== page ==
2. I might be adding FED to my short portfolio in the next few months if the data strengthens
  3. You're telling me..

    See, I'm an estate planner and I only sell ARMs. I hate the fact that articles like these give all ARMs a bad repuatation.

    I push COSI (World Saving's Cost of Savings Index) and the MTA (12 Month Treasury Average). Both indices are rather stable.

    This article is, of course, referring to all the damn LIBOR arms the frigging Countrywide sold with their massive middle America marketing strategy during the real estate boom.

    With Wachovia's acquiring of World SAvings, they will soon have their own index.. :) Wachovia has some STRONG programs by the way..

    haha, come to think of it, I did close some pretty shady deals with New Century last year......
  4. from FED...

    At September 30, 2006, 96.93% of our loan portfolio was invested in adjustable rate products.

    Negative amortization was 2.59% of all single family loans in the Bank's portfolio as of September 30, 2006. This compares to 0.86% at December 31, 2005 and 0.55% at September 30, 2005.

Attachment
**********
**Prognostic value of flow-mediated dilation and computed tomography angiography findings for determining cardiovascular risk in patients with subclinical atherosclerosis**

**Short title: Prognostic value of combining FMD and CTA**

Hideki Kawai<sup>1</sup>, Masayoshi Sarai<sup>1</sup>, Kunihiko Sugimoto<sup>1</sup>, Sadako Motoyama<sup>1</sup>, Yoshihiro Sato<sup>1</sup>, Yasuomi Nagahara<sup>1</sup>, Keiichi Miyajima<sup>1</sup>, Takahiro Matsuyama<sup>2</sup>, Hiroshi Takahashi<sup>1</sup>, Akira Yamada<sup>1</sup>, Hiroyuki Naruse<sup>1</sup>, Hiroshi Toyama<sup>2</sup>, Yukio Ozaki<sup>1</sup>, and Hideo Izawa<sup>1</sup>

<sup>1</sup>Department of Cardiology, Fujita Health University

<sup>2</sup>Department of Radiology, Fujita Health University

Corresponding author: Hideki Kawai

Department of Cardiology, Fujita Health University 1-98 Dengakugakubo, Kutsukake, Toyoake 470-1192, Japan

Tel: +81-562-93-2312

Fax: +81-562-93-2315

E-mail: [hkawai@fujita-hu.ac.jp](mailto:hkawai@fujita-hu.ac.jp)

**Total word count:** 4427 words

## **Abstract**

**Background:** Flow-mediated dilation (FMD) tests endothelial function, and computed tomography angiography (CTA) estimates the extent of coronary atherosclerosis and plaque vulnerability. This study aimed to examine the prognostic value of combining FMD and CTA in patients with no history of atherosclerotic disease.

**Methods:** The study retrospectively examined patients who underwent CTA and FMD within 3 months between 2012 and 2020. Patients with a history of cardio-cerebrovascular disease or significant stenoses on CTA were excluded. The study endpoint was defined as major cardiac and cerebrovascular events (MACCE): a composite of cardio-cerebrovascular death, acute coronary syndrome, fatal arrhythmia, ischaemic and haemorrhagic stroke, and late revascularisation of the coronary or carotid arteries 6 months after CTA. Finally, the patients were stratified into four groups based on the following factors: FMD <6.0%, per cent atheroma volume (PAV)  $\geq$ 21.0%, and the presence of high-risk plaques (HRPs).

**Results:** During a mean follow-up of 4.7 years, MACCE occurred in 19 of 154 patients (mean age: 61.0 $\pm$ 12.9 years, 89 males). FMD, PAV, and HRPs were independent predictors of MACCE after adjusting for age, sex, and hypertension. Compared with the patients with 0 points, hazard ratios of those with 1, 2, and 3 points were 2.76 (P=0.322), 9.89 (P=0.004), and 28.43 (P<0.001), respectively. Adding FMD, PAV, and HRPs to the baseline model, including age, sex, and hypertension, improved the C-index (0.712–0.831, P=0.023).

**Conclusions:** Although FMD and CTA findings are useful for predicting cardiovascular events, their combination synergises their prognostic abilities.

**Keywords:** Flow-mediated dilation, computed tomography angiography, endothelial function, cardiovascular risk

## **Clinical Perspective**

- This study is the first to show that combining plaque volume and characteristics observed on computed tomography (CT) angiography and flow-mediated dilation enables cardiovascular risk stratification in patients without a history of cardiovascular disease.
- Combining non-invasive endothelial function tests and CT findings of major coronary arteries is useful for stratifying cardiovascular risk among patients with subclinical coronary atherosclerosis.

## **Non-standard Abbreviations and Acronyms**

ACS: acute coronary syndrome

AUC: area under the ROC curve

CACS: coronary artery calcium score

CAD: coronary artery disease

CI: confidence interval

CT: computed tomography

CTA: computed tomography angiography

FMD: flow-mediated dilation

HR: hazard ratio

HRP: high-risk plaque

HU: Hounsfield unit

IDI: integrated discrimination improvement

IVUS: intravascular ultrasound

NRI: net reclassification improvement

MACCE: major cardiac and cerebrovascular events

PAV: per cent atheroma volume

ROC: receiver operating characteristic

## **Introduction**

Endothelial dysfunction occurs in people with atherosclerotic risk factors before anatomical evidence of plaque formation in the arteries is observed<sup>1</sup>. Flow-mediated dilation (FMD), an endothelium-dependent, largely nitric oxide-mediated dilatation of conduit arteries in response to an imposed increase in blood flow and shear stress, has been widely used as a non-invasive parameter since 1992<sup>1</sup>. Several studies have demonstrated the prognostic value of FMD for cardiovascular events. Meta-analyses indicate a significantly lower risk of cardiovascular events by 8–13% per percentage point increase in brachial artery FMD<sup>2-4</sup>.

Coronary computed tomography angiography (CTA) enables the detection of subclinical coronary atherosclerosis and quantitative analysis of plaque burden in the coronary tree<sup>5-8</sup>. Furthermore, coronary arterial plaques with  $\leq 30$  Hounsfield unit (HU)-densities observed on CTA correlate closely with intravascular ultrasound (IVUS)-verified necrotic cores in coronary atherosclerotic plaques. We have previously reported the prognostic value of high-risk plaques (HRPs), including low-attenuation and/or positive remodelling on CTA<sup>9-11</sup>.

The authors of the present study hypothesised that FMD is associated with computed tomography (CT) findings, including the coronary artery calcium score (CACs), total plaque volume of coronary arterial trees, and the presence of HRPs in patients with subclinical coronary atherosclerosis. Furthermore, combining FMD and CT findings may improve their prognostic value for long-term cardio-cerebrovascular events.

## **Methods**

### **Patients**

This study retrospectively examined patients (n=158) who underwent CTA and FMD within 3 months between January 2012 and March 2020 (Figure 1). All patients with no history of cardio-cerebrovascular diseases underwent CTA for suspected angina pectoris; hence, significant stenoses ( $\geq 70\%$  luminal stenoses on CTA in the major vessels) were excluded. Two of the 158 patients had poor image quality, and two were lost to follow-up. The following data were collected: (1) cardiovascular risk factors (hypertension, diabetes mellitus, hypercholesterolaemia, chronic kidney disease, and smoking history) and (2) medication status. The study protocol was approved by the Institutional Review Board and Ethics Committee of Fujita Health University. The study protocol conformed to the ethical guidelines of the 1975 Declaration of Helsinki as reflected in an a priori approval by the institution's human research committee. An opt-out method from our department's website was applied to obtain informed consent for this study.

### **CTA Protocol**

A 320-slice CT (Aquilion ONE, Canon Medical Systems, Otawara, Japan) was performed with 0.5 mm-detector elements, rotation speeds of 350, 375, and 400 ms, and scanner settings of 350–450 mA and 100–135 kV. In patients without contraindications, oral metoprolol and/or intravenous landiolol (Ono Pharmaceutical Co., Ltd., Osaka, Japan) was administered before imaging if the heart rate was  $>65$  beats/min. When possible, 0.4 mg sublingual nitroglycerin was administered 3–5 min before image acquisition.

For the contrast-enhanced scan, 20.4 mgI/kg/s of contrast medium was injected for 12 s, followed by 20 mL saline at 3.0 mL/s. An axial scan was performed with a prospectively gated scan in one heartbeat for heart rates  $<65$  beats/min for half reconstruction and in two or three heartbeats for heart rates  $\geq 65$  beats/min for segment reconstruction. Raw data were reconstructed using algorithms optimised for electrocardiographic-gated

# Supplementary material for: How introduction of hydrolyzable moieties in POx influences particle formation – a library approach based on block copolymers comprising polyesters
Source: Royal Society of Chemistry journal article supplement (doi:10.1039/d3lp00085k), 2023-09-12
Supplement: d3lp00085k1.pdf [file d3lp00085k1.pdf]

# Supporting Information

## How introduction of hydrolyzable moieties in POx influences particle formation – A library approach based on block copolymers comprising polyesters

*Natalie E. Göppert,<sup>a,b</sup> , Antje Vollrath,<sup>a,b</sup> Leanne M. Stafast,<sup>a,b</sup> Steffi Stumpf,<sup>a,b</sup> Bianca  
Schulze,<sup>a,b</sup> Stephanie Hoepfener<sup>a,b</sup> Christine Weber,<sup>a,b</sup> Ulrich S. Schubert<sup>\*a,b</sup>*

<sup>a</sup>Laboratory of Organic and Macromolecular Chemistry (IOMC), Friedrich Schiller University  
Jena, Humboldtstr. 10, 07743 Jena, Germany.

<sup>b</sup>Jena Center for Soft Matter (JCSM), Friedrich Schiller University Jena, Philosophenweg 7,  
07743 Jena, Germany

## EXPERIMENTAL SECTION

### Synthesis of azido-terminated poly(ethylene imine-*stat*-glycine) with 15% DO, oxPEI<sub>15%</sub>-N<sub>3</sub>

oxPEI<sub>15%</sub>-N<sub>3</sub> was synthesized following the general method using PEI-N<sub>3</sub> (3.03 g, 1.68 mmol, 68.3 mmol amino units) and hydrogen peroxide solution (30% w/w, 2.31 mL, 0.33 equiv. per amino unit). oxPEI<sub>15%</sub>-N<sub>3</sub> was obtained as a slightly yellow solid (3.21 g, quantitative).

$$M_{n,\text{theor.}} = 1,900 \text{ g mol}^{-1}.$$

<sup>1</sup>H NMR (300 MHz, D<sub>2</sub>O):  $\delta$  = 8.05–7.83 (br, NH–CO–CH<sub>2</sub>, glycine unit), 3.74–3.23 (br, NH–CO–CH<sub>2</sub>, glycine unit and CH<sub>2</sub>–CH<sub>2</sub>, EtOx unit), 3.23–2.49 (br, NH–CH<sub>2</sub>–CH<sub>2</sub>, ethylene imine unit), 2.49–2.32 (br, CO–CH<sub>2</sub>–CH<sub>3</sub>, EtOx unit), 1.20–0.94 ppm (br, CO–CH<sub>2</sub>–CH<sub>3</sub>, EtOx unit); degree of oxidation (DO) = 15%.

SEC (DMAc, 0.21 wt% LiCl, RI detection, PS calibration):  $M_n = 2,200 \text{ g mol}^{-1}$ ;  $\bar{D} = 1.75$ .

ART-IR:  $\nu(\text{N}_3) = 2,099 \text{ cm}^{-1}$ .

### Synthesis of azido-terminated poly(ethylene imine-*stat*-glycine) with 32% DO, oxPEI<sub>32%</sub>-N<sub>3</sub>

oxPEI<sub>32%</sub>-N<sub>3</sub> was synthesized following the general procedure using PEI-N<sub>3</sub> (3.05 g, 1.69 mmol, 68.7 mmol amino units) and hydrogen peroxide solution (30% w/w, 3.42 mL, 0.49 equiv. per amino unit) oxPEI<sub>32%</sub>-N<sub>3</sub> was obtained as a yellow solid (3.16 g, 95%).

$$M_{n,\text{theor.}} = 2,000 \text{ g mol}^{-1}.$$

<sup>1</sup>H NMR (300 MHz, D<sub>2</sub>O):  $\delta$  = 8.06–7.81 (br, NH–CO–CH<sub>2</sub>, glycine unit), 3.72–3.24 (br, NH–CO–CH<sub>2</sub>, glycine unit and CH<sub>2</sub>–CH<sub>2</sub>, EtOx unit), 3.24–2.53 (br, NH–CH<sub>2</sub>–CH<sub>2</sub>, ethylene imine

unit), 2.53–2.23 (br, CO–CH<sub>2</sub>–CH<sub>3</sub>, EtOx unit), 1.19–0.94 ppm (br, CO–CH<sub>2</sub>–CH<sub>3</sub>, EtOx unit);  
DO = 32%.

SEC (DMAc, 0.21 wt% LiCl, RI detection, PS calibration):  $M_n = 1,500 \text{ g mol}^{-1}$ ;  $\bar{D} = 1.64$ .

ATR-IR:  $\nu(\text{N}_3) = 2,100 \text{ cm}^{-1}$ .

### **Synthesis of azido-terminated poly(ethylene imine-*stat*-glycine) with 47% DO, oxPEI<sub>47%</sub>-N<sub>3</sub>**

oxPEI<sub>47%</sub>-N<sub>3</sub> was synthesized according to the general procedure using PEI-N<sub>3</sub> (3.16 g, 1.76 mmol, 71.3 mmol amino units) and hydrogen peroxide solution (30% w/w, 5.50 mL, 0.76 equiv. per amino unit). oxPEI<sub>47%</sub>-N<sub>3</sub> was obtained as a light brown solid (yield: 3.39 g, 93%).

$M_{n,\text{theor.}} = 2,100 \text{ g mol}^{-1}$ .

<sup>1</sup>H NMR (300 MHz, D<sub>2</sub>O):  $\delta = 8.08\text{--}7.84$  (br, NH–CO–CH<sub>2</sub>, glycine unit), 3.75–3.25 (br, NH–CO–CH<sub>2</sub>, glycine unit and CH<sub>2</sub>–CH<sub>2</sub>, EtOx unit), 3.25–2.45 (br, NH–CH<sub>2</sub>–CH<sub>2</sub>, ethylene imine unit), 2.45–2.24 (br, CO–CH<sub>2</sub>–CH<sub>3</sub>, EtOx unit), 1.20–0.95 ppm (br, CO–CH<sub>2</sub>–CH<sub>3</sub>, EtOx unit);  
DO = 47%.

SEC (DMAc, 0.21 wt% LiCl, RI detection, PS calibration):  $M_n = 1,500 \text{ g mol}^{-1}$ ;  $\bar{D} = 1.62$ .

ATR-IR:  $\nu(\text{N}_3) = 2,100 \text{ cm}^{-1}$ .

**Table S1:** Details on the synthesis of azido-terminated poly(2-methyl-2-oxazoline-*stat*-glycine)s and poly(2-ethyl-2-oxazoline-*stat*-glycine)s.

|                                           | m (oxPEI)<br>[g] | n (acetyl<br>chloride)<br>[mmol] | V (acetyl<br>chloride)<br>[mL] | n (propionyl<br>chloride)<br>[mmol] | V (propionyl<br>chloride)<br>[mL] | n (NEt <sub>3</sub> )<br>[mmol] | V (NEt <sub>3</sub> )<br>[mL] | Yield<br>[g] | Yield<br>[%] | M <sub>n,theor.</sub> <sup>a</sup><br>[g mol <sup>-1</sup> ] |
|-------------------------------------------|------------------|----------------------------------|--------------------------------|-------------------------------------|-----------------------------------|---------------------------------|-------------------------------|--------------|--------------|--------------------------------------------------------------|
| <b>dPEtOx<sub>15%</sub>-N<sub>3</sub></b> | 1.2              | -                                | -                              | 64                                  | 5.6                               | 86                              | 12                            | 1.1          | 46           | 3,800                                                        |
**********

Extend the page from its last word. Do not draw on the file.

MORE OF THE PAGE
5. But Rent-n-Roll and Circuit City reports record sales... Gotta have 28" spinners on the Toyota Corolla and a Plazma Screen TV to watch MTV.. 2.59% of trillions of dollars is a lot of friggin' money..

    If it's 2.59% in 06 and money grows exponentially does that mean its' going to be liek 6.95% in 07??
  6. never shorted fed as they are not available at my current broker but I will be posting a similar co that I will be shorting on a new thread
  7. Anyone have a source of high dividend REITS?